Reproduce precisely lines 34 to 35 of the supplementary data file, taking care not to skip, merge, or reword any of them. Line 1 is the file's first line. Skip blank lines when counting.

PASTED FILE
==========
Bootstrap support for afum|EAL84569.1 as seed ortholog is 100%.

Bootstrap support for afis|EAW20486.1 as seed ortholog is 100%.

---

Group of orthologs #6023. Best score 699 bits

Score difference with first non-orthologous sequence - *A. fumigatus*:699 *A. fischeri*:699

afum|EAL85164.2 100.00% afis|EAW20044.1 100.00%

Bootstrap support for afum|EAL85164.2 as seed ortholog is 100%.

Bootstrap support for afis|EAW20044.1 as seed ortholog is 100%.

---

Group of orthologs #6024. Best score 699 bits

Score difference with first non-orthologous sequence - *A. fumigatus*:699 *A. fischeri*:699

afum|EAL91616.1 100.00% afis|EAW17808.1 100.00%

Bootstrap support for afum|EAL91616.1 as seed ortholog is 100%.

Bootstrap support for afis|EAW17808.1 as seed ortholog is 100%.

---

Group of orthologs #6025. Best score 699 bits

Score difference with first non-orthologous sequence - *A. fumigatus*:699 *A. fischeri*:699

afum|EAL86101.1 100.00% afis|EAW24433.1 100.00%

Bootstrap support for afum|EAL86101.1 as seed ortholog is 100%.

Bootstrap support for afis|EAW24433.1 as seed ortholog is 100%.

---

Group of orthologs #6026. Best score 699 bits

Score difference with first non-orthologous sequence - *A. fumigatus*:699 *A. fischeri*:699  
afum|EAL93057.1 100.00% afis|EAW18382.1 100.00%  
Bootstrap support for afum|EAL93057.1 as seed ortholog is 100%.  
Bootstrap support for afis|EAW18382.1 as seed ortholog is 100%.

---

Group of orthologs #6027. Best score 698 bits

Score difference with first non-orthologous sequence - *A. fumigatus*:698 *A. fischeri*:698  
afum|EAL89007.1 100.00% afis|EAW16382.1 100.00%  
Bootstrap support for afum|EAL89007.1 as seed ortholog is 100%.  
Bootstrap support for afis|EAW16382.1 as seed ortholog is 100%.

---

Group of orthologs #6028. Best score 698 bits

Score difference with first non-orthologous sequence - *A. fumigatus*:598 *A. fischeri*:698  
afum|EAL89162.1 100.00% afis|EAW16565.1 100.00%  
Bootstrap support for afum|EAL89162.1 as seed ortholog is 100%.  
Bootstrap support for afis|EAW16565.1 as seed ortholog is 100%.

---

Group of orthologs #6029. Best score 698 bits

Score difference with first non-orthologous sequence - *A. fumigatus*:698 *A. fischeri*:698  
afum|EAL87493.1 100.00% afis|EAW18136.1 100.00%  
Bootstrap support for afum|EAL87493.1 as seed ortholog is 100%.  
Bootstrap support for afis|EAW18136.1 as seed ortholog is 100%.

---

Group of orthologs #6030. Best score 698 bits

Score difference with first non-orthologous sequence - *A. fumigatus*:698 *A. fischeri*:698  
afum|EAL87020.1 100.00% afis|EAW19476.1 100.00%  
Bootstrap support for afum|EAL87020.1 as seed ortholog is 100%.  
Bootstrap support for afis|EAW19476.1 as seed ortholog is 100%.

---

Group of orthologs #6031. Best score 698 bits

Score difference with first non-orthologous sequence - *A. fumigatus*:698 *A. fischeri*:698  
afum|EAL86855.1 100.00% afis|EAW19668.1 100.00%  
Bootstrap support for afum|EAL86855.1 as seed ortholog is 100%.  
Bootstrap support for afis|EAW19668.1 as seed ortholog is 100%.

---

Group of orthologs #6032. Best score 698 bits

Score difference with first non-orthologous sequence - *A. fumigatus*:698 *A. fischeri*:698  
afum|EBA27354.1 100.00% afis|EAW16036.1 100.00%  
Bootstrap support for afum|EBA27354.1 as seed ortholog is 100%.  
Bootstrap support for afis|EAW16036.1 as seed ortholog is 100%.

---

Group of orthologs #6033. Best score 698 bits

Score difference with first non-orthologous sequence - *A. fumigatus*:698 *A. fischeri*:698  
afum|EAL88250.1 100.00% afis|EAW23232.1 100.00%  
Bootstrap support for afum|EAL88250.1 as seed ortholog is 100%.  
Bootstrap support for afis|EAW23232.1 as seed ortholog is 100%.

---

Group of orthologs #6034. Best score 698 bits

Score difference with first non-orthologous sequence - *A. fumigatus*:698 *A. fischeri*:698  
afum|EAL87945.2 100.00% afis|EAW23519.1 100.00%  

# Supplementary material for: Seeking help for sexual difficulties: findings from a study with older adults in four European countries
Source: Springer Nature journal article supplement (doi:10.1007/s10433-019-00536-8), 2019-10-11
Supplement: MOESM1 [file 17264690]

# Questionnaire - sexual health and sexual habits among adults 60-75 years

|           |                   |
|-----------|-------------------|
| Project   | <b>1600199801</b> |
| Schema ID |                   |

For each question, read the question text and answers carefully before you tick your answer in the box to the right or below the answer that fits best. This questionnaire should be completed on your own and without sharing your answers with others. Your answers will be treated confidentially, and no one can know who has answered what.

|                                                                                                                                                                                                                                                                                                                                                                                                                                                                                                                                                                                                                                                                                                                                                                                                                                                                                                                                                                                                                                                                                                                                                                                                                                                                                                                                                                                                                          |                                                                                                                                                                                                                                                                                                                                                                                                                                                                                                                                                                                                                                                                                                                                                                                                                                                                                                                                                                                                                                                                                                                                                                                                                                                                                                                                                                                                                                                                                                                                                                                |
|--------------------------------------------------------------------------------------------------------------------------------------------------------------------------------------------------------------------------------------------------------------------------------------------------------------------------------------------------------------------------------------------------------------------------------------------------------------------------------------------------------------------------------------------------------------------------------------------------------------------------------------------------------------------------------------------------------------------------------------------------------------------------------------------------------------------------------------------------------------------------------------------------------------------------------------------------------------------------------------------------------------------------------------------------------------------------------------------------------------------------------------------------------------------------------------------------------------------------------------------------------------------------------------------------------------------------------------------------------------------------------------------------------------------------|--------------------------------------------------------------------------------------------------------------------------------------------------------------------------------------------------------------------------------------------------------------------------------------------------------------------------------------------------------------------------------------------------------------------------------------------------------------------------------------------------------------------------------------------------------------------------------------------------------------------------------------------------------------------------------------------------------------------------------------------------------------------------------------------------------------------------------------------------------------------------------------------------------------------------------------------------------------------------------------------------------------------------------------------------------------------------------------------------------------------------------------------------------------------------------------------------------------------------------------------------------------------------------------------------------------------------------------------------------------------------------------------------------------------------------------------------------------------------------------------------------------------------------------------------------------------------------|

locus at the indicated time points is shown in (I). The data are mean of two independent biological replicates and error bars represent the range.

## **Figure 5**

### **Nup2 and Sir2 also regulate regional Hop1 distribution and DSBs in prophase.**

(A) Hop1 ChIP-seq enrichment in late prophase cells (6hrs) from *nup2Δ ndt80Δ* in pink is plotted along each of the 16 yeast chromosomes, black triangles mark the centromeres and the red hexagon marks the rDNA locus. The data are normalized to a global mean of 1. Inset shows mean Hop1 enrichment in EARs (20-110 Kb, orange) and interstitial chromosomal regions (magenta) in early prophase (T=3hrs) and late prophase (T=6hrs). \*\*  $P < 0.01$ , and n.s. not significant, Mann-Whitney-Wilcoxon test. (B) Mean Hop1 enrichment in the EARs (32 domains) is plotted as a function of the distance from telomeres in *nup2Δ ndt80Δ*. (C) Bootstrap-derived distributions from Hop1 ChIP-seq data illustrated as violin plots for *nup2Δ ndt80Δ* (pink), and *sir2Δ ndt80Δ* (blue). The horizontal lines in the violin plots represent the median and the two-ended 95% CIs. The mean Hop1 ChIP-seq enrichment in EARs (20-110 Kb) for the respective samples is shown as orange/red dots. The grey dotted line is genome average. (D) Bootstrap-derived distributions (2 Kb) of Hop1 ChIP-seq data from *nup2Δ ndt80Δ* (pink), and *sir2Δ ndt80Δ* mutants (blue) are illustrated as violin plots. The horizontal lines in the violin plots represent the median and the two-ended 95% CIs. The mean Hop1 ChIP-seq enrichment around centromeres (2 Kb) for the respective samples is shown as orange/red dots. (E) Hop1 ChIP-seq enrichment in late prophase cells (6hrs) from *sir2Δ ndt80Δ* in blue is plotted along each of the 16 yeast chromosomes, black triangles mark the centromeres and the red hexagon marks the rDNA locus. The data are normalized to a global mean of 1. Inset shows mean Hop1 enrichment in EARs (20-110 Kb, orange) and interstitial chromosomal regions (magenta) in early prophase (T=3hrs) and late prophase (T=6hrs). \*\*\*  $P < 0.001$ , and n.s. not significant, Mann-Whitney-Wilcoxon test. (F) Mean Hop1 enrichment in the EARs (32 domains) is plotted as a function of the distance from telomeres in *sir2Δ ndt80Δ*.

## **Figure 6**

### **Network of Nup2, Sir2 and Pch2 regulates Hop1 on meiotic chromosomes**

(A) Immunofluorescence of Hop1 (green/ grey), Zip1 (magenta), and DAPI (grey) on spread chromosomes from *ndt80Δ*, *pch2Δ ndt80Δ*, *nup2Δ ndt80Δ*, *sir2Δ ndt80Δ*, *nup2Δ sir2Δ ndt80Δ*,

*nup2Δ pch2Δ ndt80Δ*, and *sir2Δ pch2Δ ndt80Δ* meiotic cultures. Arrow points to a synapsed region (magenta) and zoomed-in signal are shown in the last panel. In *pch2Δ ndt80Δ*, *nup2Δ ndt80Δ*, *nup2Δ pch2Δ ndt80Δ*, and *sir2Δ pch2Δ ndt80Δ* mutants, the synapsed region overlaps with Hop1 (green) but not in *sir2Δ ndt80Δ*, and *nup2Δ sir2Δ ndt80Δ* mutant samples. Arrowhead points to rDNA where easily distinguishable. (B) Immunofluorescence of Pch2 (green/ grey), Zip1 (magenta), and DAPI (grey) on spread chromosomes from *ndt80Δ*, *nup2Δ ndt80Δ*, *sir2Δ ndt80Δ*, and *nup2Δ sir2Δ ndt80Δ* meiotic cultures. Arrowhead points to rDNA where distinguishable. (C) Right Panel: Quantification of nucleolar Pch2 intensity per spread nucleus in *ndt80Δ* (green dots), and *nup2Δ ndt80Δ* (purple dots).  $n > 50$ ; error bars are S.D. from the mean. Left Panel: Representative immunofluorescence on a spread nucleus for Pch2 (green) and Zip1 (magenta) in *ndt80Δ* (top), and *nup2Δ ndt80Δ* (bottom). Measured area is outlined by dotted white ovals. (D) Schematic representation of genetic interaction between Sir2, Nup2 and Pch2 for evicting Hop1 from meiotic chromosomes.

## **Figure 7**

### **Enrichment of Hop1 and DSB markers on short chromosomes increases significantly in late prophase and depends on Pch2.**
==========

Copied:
Group of orthologs #6028. Best score 698 bits

Score difference with first non-orthologous sequence - *A. fumigatus*:598 *A. fischeri*:698  